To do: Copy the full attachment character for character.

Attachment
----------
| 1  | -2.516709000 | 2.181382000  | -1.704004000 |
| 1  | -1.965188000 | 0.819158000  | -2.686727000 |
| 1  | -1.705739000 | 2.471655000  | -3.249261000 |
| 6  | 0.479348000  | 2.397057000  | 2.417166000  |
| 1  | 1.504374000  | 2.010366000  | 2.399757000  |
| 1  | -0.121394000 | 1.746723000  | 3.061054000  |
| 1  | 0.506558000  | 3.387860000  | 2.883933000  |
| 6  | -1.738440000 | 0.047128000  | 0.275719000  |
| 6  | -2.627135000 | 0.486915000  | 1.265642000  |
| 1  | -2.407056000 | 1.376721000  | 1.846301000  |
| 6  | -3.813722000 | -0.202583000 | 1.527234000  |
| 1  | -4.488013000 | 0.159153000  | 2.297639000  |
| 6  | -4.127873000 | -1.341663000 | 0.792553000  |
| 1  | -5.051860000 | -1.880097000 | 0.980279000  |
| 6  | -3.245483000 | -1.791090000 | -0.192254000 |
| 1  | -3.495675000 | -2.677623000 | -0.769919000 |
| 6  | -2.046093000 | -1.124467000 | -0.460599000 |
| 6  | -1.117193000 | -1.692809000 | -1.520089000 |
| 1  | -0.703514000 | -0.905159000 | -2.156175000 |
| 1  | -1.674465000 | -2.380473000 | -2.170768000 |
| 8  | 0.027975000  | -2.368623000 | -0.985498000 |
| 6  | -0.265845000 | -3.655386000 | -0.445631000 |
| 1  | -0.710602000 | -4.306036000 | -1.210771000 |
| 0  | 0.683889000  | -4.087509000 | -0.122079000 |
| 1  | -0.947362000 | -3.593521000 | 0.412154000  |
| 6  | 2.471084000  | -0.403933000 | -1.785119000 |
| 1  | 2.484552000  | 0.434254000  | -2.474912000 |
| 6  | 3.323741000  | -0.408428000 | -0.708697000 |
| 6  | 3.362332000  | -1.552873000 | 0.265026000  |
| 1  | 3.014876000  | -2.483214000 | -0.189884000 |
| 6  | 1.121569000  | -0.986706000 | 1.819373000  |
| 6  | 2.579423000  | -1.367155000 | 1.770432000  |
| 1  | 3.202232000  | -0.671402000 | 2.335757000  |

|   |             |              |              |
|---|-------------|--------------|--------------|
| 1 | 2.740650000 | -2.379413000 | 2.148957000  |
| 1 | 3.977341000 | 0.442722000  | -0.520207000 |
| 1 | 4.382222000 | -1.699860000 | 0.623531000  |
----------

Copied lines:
| 1  | -2.516709000 | 2.181382000  | -1.704004000 |
| 1  | -1.965188000 | 0.819158000  | -2.686727000 |
| 1  | -1.705739000 | 2.471655000  | -3.249261000 |
| 6  | 0.479348000  | 2.397057000  | 2.417166000  |
| 1  | 1.504374000  | 2.010366000  | 2.399757000  |
| 1  | -0.121394000 | 1.746723000  | 3.061054000  |
| 1  | 0.506558000  | 3.387860000  | 2.883933000  |
| 6  | -1.738440000 | 0.047128000  | 0.275719000  |
| 6  | -2.627135000 | 0.486915000  | 1.265642000  |
| 1  | -2.407056000 | 1.376721000  | 1.846301000  |
| 6  | -3.813722000 | -0.202583000 | 1.527234000  |
| 1  | -4.488013000 | 0.159153000  | 2.297639000  |
| 6  | -4.127873000 | -1.341663000 | 0.792553000  |
| 1  | -5.051860000 | -1.880097000 | 0.980279000  |
| 6  | -3.245483000 | -1.791090000 | -0.192254000 |
| 1  | -3.495675000 | -2.677623000 | -0.769919000 |
| 6  | -2.046093000 | -1.124467000 | -0.460599000 |
| 6  | -1.117193000 | -1.692809000 | -1.520089000 |
| 1  | -0.703514000 | -0.905159000 | -2.156175000 |
| 1  | -1.674465000 | -2.380473000 | -2.170768000 |
| 8  | 0.027975000  | -2.368623000 | -0.985498000 |
| 6  | -0.265845000 | -3.655386000 | -0.445631000 |
| 1  | -0.710602000 | -4.306036000 | -1.210771000 |
| 0  | 0.683889000  | -4.087509000 | -0.122079000 |
| 1  | -0.947362000 | -3.593521000 | 0.412154000  |
| 6  | 2.471084000  | -0.403933000 | -1.785119000 |
| 1  | 2.484552000  | 0.434254000  | -2.474912000 |
| 6  | 3.323741000  | -0.408428000 | -0.708697000 |
| 6  | 3.362332000  | -1.552873000 | 0.265026000  |
| 1  | 3.014876000  | -2.483214000 | -0.189884000 |
| 6  | 1.121569000  | -0.986706000 | 1.819373000  |
| 6  | 2.579423000  | -1.367155000 | 1.770432000  |
| 1  | 3.202232000  | -0.671402000 | 2.335757000  |

|   |             |              |              |
|---|-------------|--------------|--------------|
| 1 | 2.740650000 | -2.379413000 | 2.148957000  |
| 1 | 3.977341000 | 0.442722000  | -0.520207000 |
| 1 | 4.382222000 | -1.699860000 | 0.623531000  |